The Basics of x86
x86 is one of the most common computer architectures in use today. Many personal computers and devices use either x86 or ARM CPUS. But what does that mean? What is the difference?
As you might have heard before, the way code is run at the lowest level is machine code. Machine code is made up of individual bytes known as opcodes. Each opcode is followed by one to two arguments. In essence, an opcode is just a function call. The set of all the opcodes a machine has is called its instruction set. x86 has a very big instruction set, comprised of thousands of opcodes. ARM is what is called a RISC, or reduced instruction set computer. That means its instruction set is smaller than normal: only about 300 instructions. That is why it is used for embedded devices.
But what do all these opcodes actually do? Some of the most common ones are for manipulating registers and the stack. A register similar to a variable: it just stores a value, and you can manipulate it. There are many registers in x86. First, there are the general purpose registers:
esi, as well as
r9. You can store whatever data you want in these registers, and no one will complain. You might wonder what the names mean. The answer is that they indicate the size in bits of the register. If a register is named
<x>l, it is 8 bits. If it is named
<x>x, it is 16 bits. If it is named
e<x>x, it is 32 bits. Finally, if it is named
r<x>x, it is 64 bits. x86 also has a stack. You have probably heard of a stack: you can push and pop to it, but only pop the top item. The stack is handled by two registers:
esp. The stack on x86 grows downward: when you push an item, the top of the stack moves down one address. The stack is just a region of memory. The registers are used to manipulate it:
ebp points to the bottom of the stack, and
esp to the top. The stack is how C stores variables: you might have one variable at
esp - 8, another at
esp - 16, and another at
esp. The stack is handled by two instructions:
pop. The are pretty self-explanatory:
push pushes an item, and
pop pops it.
Well that's all well and good, but what actually happens on boot up? If I turn on my computer, what does it do? How does it load my OS? What even is my OS? All those questions are covered by something called modes and the boot process. We will answer the last question first: an OS is made of a couple of parts: the bootloader and the kernel. The bootloader is what it sounds like: it is booted, and it loads the rest of the OS. The rest of the OS is called the kernel, and it is in charge of pretty much everything: file system, drivers, userspace and everything. On most Linux systems, the bootloader is GRUB or Syslinux. Bootloaders are a complex topic, and I won't go into them here. Now we will get to the actual boot process: how does the computer load the bootloader? When the computer turns on, it loads something called the BIOS, or Basic Input Output System. The BIOS loads 1 sector, or 512 byte group, from the boot disk to the address 0x7c00, and then jumps there. This is why bootloaders are necessary: the BIOS only reads 1 sector, so it is necessary to load more to have a legitimate OS. Most bootloaders do not do this immediately, though: they will load a second stage bootloader, which will load the kernel.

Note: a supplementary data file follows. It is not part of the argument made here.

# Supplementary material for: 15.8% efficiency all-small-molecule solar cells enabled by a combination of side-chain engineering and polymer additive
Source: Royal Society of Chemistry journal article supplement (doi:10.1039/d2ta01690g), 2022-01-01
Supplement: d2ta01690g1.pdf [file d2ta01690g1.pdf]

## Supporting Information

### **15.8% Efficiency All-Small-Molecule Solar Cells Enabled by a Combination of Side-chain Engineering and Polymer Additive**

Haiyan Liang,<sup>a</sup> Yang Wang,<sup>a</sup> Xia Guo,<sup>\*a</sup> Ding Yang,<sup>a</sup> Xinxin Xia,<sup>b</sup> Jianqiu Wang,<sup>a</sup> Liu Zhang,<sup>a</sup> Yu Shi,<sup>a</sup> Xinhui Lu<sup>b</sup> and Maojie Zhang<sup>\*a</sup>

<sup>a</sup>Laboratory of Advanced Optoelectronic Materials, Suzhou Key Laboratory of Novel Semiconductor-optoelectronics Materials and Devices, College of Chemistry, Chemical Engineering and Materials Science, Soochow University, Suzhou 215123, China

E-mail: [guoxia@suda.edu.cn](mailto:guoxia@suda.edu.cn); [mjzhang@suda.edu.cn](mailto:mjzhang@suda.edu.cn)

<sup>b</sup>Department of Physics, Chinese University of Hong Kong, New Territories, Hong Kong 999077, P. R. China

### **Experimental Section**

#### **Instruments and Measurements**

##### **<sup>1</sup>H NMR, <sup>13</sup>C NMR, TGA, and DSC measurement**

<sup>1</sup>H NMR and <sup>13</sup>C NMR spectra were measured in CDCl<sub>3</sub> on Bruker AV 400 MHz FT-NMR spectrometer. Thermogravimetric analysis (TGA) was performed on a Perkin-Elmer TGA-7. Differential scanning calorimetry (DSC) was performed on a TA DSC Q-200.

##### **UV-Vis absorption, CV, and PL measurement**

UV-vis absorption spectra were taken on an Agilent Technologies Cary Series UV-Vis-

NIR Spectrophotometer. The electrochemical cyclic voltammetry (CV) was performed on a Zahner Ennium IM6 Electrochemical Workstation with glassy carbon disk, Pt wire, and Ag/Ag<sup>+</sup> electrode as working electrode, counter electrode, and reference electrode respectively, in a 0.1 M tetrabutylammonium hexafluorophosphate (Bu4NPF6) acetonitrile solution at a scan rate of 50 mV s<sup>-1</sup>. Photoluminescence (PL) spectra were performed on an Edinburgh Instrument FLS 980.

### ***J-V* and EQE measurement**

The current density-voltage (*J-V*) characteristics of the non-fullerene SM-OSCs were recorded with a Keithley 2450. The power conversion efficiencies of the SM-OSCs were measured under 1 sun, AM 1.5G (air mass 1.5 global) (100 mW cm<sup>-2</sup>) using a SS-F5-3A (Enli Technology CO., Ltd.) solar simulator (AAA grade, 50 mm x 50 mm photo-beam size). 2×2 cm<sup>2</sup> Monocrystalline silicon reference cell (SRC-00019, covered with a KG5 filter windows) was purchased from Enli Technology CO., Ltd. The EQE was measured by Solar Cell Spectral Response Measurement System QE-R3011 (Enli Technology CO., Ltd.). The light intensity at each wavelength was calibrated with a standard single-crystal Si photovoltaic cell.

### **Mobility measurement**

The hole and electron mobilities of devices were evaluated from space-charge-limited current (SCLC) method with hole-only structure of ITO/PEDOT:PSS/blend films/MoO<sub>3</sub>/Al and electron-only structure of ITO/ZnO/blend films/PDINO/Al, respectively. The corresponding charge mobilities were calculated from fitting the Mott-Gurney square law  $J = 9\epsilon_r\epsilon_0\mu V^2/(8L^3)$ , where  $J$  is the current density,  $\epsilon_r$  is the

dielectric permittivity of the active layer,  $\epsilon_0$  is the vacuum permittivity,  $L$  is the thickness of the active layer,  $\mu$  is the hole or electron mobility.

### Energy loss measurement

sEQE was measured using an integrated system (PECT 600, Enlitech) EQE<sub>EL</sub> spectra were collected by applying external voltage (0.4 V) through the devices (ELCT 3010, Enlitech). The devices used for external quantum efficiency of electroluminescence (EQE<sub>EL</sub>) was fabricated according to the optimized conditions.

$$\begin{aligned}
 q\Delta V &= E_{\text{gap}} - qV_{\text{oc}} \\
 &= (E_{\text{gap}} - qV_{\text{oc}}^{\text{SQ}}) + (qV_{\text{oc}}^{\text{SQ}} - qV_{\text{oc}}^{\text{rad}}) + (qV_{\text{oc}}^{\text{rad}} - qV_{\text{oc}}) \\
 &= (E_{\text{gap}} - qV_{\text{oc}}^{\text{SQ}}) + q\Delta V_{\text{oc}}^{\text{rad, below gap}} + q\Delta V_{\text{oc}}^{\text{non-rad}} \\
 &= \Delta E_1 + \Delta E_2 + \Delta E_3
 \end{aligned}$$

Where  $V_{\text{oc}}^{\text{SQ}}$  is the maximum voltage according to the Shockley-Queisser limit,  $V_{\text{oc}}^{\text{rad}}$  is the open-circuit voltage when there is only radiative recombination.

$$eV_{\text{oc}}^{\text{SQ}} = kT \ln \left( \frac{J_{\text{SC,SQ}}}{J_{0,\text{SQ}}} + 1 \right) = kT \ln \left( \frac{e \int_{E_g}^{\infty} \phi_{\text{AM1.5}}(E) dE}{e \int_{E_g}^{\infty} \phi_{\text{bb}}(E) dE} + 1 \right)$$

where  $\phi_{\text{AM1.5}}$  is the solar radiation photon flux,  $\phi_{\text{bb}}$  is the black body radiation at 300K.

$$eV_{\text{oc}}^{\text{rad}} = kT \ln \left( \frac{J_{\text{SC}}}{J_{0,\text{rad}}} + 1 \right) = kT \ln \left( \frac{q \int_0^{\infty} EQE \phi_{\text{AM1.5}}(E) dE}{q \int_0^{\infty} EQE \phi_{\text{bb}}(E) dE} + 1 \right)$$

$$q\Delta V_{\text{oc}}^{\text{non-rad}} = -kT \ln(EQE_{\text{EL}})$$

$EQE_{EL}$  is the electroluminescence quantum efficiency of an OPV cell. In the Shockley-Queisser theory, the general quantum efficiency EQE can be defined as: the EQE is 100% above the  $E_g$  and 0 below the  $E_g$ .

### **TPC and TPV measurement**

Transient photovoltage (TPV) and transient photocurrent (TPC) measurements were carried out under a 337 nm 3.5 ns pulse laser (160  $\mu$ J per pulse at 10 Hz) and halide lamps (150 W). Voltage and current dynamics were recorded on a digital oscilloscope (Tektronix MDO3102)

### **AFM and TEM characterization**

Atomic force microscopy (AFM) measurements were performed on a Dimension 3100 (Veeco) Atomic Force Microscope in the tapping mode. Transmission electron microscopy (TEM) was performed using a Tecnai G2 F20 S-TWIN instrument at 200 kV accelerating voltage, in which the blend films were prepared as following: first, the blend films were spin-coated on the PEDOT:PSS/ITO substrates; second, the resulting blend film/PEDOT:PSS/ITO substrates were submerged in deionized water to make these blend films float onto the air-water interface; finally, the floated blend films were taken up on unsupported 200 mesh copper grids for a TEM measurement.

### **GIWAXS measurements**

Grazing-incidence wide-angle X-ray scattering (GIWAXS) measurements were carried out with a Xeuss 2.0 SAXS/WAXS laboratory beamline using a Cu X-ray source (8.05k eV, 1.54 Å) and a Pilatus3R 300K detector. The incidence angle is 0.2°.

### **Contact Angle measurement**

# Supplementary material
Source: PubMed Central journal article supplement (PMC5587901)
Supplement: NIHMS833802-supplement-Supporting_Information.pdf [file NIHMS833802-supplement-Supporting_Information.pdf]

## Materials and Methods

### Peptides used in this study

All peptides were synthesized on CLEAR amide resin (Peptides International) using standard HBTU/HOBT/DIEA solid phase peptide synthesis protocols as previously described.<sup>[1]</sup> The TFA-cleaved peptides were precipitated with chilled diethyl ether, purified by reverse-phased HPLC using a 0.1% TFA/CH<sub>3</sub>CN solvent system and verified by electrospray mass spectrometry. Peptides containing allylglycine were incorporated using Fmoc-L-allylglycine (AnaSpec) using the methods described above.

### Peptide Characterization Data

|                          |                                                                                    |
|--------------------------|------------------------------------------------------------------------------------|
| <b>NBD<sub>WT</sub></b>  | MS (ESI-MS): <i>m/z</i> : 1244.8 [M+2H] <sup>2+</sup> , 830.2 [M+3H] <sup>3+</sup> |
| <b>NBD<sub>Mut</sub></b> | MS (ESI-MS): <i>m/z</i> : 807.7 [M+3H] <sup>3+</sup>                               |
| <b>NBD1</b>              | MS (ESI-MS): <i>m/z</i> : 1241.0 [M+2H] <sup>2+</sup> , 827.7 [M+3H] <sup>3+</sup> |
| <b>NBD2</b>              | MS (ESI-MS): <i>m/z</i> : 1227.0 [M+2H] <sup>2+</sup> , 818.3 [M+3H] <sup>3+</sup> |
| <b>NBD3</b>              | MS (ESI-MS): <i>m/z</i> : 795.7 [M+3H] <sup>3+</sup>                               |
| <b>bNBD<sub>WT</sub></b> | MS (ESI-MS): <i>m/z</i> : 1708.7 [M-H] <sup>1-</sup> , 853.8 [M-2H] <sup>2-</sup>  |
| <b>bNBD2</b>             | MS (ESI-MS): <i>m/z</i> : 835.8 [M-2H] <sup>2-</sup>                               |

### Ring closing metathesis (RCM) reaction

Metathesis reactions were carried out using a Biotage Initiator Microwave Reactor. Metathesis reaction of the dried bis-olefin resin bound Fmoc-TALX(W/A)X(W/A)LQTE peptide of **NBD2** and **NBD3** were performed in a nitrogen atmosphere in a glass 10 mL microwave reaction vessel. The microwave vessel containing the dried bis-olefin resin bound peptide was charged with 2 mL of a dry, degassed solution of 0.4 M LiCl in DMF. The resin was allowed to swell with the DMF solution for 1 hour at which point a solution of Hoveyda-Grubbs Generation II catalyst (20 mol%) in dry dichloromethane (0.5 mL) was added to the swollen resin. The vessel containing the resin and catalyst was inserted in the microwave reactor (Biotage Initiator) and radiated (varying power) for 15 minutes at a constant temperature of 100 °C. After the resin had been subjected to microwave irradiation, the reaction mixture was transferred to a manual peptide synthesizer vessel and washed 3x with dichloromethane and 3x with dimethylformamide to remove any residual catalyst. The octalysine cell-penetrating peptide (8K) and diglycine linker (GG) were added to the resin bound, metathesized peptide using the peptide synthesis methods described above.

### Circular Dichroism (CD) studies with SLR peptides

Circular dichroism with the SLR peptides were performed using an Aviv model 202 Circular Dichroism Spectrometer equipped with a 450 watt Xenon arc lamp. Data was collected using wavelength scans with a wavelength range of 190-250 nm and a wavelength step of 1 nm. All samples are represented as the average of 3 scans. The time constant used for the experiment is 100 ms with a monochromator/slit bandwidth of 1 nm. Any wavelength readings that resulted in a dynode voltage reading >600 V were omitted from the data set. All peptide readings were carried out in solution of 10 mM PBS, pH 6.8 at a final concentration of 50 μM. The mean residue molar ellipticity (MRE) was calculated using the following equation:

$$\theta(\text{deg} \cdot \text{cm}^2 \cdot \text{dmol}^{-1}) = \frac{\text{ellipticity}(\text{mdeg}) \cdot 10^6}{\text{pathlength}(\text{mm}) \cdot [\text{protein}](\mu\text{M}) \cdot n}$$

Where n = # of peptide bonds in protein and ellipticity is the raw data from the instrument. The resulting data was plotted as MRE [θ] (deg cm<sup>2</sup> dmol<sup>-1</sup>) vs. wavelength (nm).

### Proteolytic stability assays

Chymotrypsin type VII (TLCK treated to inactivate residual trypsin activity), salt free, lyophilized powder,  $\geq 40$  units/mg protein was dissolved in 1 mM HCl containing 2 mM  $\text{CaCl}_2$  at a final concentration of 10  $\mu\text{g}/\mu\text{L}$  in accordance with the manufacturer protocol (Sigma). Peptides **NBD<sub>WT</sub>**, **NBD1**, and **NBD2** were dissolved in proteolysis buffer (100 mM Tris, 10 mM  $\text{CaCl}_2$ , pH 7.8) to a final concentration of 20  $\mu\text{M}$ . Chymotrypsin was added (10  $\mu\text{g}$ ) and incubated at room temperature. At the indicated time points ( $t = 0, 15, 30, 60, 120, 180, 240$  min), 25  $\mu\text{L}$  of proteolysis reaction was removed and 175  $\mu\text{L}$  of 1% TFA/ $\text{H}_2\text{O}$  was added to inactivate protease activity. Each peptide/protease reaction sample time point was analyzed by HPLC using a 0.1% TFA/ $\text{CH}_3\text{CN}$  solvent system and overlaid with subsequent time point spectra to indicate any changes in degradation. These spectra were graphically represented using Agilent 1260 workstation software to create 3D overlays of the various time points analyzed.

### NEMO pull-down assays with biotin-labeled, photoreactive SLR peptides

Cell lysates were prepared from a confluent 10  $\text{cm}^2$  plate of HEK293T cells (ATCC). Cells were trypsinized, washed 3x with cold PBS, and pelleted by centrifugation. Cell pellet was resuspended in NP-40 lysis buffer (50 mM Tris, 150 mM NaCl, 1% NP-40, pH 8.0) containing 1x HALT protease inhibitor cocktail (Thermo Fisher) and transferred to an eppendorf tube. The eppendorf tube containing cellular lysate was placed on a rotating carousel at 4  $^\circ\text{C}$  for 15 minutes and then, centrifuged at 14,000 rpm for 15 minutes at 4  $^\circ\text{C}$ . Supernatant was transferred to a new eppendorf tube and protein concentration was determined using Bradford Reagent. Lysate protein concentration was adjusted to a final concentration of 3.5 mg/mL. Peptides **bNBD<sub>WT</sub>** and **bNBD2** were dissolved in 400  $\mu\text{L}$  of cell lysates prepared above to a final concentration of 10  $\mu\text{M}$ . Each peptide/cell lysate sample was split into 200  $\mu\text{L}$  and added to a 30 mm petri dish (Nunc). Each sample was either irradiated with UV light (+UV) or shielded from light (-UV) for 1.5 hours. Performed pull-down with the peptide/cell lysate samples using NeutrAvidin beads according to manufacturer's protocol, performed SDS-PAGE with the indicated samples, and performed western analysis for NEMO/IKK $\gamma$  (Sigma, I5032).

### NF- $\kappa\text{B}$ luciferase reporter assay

But how does the BIOS load the bootsector? It doesn't just automatically: it has to use what is called an I/O port or MMIO to interact with the hard disk. An I/O port is just like a network port, but on the computer's hardware: You can read and write to it, and each port has its own particular function. There is one for reading the mouse, another for the hard drive, and another for the graphics card. MMIO, or Memory Mapped Input Output, is another way I/O is done. The way it works is that the device will specify an address for data to be written to it, and read data from that memory address. For example, a VGA card will read data from the address
0xb8000 and write it to the screen. However, most things do not interface with the hardware directly like the BIOS: there are so many types of devices that to cover each one would use up the whole boot sector! Instead, an OS will use what is called a BIOS interrupt. These are done with the
int instruction. An interrupt basically tells the computer that the OS wants to do something, and the computer will find the code the BIOS to set up to do that. For example, the BIOS sets up interrupt
0x13 to perform hard disk services. Thus, to interface with the hard drive, I would simply call
int 0x13, and the computer would do that I wanted it to for me.